9 Fascinating Facts About John Quincy Adams

John Quincy Adams—sixth President of the United States; son of our second POTUS, John Adams; and all-around interesting guy—was born on July 11, 1767 in a part of Braintree, Massachusetts, that is now known as Quincy. From his penchant for skinny-dipping to his beloved pet alligator, here are some things you might not have known about the skilled statesman.

1. John Quincy Adams was elected president despite losing both the popular and electoral votes.

The election of 1824, which saw John Quincy Adams face off against Andrew Jackson, is the only presidential election that had to be decided by the U.S. House of Representatives, as neither candidate won the majority of electoral votes. Despite losing both the popular and electoral vote, Adams was named president by the House.

2. John Quincy Adams loved morning cardio.

When it comes to personal fitness, early birds have an edge. Studies have shown that morning workouts can curb your appetite, prevent weight gain, and even help you get a good night’s sleep later on. Nobody understood the virtues of morning exercise better than Adams. As America’s foreign minister to Russia, Adams would wake up at five, have a cold bath, and read a few chapters from his German-language Bible. Then came a six-mile walk, followed by breakfast.

3. John Quincy Adams was an avid skinny-dipper.

As president, Adams got his exercise by taking a daily dip in the Potomac … naked. Every morning at 5:00 a.m., he would walk to the river, strip down, and go for a swim. Sadly, the most famous swimming anecdote likely never happened. The story is that when Adams refused an interview with reporter Anne Royall, she hiked down to the river while he was swimming, gathered his clothes, and sat on them until he agreed to talk. But modern historians tend to agree that this story was a later invention . That’s not to say, however, that Adams never talked about Royall. In his diaries he wrote “[Royall] continues to make herself noxious to many persons; treating all with a familiarity which often passes for impudence, insulting those who treat her with incivility, and then lampooning them in her books.”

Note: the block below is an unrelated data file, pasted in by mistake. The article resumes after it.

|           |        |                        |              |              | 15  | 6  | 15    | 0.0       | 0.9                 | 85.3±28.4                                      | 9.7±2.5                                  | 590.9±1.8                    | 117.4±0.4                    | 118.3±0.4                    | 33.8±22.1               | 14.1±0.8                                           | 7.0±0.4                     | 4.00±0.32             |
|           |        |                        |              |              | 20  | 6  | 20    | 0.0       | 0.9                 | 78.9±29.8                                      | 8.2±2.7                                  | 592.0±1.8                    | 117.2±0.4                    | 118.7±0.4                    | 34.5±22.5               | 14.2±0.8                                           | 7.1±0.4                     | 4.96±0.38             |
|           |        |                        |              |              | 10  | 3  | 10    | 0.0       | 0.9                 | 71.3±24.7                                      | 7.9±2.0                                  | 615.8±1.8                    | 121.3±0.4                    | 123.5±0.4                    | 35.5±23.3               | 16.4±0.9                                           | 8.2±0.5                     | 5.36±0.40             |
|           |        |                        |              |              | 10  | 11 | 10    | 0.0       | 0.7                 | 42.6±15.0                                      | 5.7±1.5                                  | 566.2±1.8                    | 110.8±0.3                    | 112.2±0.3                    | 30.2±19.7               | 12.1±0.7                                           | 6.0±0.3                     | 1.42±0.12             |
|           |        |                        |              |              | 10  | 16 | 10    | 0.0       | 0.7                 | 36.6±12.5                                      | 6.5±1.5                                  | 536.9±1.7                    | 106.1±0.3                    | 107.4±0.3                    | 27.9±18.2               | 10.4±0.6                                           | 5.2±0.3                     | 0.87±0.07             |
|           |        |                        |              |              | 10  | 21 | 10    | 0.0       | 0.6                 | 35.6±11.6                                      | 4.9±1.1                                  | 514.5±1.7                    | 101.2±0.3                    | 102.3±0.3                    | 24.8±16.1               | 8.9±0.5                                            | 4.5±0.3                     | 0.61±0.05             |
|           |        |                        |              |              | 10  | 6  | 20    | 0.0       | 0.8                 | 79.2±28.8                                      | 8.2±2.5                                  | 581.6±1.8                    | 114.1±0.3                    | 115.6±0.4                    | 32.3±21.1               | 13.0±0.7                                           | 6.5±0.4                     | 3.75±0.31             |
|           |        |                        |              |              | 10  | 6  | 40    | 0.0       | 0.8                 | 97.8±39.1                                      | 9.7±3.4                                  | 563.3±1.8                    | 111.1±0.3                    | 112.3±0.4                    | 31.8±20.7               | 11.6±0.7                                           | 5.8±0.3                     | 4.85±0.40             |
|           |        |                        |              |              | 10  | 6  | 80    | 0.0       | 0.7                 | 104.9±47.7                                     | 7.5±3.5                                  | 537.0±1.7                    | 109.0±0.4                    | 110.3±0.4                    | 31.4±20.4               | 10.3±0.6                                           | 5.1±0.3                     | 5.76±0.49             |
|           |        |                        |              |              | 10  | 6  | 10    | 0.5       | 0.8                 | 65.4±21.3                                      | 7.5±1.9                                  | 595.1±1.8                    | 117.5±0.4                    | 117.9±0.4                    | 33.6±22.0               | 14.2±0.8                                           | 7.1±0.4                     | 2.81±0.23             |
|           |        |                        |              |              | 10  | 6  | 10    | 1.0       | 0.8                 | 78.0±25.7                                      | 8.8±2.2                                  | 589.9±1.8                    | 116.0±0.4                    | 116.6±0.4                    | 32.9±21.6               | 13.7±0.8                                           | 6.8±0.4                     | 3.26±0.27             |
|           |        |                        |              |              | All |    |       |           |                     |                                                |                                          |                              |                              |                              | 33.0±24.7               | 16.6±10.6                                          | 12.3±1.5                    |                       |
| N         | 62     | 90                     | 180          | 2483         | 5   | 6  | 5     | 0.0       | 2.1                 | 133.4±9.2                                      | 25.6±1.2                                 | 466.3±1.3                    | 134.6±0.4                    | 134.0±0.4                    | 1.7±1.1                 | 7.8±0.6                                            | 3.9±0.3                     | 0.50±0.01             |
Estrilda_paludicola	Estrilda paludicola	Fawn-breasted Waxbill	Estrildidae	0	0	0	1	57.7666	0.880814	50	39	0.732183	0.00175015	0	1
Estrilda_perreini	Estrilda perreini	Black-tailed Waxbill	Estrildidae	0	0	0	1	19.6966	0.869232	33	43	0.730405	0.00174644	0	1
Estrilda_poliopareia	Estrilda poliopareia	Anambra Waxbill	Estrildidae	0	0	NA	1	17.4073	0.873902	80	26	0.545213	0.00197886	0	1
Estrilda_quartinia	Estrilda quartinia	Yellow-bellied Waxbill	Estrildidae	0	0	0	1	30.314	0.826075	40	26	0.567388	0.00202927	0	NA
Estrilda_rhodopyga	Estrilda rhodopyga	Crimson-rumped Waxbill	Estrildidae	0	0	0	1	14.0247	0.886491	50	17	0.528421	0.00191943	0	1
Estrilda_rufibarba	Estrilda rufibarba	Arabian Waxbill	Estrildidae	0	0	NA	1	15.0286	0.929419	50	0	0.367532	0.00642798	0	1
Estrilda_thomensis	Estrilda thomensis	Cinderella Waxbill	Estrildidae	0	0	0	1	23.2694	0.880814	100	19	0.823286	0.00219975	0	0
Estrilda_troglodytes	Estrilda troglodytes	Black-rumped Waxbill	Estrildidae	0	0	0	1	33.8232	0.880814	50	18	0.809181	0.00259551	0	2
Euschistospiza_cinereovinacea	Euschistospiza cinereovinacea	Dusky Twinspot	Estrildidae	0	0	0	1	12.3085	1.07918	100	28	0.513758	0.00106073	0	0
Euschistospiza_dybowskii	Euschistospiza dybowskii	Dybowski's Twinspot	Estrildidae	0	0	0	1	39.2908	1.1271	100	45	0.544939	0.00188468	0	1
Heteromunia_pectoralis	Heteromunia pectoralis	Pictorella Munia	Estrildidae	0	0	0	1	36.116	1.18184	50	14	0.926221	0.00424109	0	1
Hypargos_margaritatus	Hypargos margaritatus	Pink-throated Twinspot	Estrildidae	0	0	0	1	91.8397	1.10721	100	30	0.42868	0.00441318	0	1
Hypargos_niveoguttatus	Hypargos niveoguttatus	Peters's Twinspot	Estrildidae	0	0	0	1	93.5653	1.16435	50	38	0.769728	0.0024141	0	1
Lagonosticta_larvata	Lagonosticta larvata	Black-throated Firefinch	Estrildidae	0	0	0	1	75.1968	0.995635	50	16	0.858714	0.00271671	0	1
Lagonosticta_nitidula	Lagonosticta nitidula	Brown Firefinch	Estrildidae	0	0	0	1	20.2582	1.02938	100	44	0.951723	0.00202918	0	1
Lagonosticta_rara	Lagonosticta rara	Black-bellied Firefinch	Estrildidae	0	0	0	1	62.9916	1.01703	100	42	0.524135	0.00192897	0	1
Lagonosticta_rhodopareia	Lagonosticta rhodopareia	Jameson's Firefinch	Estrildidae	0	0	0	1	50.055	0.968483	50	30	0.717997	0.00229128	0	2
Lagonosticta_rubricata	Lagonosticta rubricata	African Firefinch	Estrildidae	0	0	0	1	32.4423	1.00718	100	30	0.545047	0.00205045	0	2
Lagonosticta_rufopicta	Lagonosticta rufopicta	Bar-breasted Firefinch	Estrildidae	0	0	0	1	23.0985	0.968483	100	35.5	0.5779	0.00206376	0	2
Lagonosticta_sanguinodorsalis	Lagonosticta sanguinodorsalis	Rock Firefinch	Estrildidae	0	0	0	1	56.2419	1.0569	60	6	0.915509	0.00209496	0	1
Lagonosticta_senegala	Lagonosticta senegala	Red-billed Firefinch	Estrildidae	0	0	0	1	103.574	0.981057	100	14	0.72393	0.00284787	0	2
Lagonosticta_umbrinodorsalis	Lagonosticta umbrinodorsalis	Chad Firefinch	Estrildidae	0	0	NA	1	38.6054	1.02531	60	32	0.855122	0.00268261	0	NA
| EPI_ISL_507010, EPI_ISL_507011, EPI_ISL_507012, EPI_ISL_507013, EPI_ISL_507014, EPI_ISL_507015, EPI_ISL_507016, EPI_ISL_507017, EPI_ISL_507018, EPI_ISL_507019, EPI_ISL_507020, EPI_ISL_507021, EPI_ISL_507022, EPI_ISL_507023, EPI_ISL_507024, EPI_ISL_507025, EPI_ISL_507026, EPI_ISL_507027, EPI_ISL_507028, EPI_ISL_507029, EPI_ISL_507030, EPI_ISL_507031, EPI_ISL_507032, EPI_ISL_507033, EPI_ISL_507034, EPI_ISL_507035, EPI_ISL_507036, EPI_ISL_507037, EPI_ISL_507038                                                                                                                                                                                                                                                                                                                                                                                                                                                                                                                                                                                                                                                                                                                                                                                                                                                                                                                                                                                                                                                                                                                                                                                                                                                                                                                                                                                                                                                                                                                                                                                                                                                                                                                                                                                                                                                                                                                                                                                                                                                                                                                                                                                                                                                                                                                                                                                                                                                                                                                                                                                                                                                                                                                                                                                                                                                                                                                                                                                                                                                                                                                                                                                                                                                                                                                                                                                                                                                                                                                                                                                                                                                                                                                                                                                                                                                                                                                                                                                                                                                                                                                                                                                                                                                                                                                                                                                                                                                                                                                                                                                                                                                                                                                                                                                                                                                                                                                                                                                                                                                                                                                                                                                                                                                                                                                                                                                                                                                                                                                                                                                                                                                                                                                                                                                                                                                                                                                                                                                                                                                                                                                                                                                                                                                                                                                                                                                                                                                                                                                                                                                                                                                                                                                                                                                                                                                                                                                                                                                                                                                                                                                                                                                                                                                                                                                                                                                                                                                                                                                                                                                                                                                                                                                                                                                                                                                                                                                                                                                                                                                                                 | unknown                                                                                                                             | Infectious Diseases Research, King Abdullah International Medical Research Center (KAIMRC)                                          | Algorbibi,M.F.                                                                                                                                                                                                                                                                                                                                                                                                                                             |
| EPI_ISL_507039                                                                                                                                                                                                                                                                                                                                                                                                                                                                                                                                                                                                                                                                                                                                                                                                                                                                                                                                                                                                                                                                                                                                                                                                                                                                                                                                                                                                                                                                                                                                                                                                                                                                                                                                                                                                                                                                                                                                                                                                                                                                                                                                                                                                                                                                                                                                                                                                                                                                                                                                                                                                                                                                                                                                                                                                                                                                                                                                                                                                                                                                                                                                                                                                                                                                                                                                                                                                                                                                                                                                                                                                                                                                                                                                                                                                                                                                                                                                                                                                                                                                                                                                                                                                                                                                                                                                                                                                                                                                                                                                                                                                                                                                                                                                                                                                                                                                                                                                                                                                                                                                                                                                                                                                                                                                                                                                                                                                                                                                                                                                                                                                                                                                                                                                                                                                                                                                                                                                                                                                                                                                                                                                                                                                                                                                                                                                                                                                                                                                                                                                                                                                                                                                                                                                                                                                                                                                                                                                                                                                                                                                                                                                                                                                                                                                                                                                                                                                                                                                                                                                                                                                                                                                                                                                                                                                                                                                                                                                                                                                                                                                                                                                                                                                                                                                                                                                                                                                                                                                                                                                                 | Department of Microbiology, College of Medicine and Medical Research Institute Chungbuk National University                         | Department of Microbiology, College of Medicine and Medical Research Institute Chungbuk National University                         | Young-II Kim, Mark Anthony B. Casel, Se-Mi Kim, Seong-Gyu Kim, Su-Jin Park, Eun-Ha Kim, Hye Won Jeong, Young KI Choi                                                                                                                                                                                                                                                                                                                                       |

4. John Quincy Adams enjoyed a good game of pool.

Adams installed a billiards table in the White House shortly after becoming president. The new addition quickly became a subject of controversy when Adams accidentally presented the government with the $61 tab (in reality he had paid for it himself). Nonetheless, political enemies charged that the pool table symbolized Adams’s aristocratic taste and promoted gambling.

5. John Quincy Adams was an amazing orator, but terrible at small talk.

Although Adams was nicknamed “Old Man Eloquent” for his unparalleled public speaking ability, he was terrible at small talk. Aware of his own social awkwardness, Adams once wrote in his diary, “I went out this evening in search of conversation, an art of which I never had an adequate idea. Long as I have lived in the world, I never have thought of conversation as a school in which something was to be learned. I never knew how to make, to control, or to change it.”

6. John Quincy Adams kept a pet alligator in a bathtub at the White House.

Adams had a pet alligator, which was gifted to him by the Marquis de Lafayette. He kept it in a tub in the East Room of the White House for a few months, supposedly claiming that he enjoyed watching “the spectacle of guests fleeing from the room in terror.”

7. When it came to politics, John Quincy Adams played dirty.

The presidential election of 1828—when incumbent John Quincy Adams got crushed by longtime rival Andrew Jackson—is famous for the mudslinging tactics employed by both sides. Adams’s side said Jackson was too dumb to be president, claiming that he spelled Europe “Urope.” They also hurled insults at Jackson’s wife, calling her a “dirty black wench” for getting together with Jackson before divorcing her first husband. Jackson’s side retorted by calling Adams a pimp, claiming that he had once procured an American girl for sexual services for the czar while serving as an ambassador to Russia.

8. John Quincy Adams is responsible for acquiring Florida.